Most people have never heard of “John Twelve Hawks” or his “Fourth Realm Trilogy” – a trio of spellbindingly written dystopian novels that probe the heart of modern civilization. While the first book, “The Traveler” was an International-Book-of-the-Month-Club selection, the author himself is famously reclusive. So what is it that really separates this series from the dozens of other science-fiction novels lining the shelves?
Quite simply, the fact that his vision of the future rings true.
The Fourth Realm trilogy is made up of three volumes: “The Traveler,” “The Dark River,” and “The Golden City.” Set in the not-very-distant future, the series is essentially a re-envisioning of George Orwell’s “1984” for the digital age. A mysterious organization of mercenaries known as the “Tabula” hopes to permanently prevent acts of terrorism by keeping citizens under constant surveillance – via an intricate network of microphones, cameras, and computer tracking chips. People will continue to go about their daily lives – without knowing they are being watched – so long as they do nothing to compromise the societal order. Dissidents simply disappear, with many turning up dead under suspicious circumstances.
Sounds familiar, right?
Enter the Travelers and the Harlequins. The Travelers, alone among human beings, can separate their “Light” (their soul) from their physical body, and use it to cross over into one of five additional parallel realms. Each of these five realms reflects Earth (the titular “Fourth Realm”) in some way. This supernatural ability allows Travelers to communicate with the inhabitants of the parallel realms…whose intentions for humanity are unknown. The Harlequins are an order of sword-toting warriors sworn to protect the Travelers. They thrive on randomness, even carrying random number generators around their necks which they use to make decisions (i.e. an odd number means “turn left,” an even number means “turn right”).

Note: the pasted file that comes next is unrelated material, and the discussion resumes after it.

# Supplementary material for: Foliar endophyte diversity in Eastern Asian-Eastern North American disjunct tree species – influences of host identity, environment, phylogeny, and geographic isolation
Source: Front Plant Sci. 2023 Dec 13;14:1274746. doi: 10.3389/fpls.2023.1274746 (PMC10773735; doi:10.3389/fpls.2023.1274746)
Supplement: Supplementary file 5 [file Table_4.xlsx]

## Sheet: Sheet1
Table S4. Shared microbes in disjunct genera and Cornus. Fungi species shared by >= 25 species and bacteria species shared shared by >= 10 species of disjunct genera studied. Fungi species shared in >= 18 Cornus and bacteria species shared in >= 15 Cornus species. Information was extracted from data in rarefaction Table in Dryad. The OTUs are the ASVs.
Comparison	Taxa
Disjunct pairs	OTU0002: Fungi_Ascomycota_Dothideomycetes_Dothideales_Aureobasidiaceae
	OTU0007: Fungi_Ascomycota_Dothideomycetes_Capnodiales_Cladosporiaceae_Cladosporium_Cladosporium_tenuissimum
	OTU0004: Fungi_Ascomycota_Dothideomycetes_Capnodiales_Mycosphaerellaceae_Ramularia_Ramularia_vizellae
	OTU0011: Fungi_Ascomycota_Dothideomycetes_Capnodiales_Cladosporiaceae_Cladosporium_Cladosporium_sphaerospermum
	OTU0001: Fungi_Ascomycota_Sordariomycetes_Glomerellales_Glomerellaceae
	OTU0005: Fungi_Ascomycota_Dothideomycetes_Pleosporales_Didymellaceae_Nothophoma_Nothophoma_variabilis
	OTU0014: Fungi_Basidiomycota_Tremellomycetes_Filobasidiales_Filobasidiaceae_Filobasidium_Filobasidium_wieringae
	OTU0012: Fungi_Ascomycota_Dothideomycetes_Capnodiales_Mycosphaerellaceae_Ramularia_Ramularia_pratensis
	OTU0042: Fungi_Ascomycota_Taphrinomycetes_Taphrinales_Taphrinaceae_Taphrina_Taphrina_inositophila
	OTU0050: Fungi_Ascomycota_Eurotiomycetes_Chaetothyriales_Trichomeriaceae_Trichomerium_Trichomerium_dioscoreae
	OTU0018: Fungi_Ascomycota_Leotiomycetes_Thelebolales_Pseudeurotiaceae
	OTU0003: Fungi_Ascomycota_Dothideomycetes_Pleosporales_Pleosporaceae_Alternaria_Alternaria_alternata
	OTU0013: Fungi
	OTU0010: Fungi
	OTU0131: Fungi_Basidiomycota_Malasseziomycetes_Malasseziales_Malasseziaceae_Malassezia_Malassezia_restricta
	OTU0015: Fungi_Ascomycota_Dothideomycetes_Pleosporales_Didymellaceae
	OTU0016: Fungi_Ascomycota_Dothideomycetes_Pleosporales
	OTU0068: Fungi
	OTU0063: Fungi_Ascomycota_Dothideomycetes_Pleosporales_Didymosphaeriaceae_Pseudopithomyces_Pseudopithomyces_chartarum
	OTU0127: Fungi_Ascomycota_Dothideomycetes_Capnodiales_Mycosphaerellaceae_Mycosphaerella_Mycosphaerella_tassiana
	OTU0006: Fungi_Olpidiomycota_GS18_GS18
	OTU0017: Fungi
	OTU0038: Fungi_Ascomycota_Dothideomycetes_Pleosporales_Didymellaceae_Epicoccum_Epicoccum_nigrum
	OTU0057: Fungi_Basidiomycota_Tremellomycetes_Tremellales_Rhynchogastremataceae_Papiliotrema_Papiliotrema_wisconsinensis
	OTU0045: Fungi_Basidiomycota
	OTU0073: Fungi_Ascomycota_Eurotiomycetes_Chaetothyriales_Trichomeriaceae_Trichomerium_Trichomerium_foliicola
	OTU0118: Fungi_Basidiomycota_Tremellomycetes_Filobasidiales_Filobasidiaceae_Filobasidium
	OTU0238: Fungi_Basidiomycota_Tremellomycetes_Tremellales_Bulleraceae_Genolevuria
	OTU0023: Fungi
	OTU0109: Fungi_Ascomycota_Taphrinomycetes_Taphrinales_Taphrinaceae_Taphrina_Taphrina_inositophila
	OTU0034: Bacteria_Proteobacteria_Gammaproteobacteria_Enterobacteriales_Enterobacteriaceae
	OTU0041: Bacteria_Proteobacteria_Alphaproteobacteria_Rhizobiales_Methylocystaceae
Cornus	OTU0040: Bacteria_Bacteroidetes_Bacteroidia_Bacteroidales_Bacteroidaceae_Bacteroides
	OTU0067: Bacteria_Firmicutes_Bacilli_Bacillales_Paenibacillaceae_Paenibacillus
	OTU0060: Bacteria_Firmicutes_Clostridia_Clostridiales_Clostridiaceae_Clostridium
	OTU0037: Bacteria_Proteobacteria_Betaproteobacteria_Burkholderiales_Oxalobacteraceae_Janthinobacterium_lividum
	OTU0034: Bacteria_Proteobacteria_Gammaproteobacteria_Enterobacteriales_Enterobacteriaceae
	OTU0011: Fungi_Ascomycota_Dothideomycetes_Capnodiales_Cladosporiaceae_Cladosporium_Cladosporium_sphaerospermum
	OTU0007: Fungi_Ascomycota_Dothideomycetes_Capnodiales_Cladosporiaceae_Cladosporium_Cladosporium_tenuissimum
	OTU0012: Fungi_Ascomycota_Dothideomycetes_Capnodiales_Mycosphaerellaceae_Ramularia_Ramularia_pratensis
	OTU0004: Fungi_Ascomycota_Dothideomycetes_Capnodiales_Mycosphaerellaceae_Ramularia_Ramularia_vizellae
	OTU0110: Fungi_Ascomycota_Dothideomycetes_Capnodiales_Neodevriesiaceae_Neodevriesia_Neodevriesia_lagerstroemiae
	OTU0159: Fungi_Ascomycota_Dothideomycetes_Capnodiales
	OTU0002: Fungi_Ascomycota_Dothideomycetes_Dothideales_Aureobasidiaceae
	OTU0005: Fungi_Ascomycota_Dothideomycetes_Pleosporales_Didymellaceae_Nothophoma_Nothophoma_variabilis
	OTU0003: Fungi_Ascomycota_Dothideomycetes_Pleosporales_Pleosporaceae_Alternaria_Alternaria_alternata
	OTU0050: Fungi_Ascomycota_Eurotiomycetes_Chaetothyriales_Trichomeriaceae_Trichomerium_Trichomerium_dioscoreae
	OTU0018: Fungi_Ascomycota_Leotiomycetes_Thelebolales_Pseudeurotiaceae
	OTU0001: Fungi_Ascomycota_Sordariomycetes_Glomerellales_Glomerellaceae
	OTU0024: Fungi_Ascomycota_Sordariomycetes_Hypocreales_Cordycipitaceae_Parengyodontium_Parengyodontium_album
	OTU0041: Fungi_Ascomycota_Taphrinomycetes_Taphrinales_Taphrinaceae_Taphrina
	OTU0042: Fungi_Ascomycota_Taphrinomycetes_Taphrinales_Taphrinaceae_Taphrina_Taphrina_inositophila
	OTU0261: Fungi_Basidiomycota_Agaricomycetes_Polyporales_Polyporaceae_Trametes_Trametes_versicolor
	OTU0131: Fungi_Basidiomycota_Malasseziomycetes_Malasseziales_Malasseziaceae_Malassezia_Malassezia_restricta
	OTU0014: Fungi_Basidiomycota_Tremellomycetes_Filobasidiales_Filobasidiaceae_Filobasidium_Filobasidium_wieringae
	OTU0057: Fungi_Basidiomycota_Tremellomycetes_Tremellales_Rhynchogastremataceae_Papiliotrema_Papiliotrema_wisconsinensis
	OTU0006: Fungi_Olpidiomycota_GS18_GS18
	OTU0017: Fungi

As “The Traveler” opens, Gabriel and Michael Corrigan are the only two known Travelers, although their gifts have remained latent. Maya, a bitter young Harlequin woman, is assigned to guard them…but the sinister Tabula mercenary network gets to Michael before she can. Gabriel and Maya, accompanied by an unlikely group of sympathizers, must thwart the Tabula’s plan for global control and try to save Michael.
As the story progresses, Gabriel and Maya draw closer together, which forces Maya to choose whether she will allow herself to feel emotion (the cardinal sin for a Harlequin). Gabriel discovers his Traveler talents, and crosses over into a series of disturbing parallel universes in search of his brother. And all the while, the Tabula is tightening its grip on the world…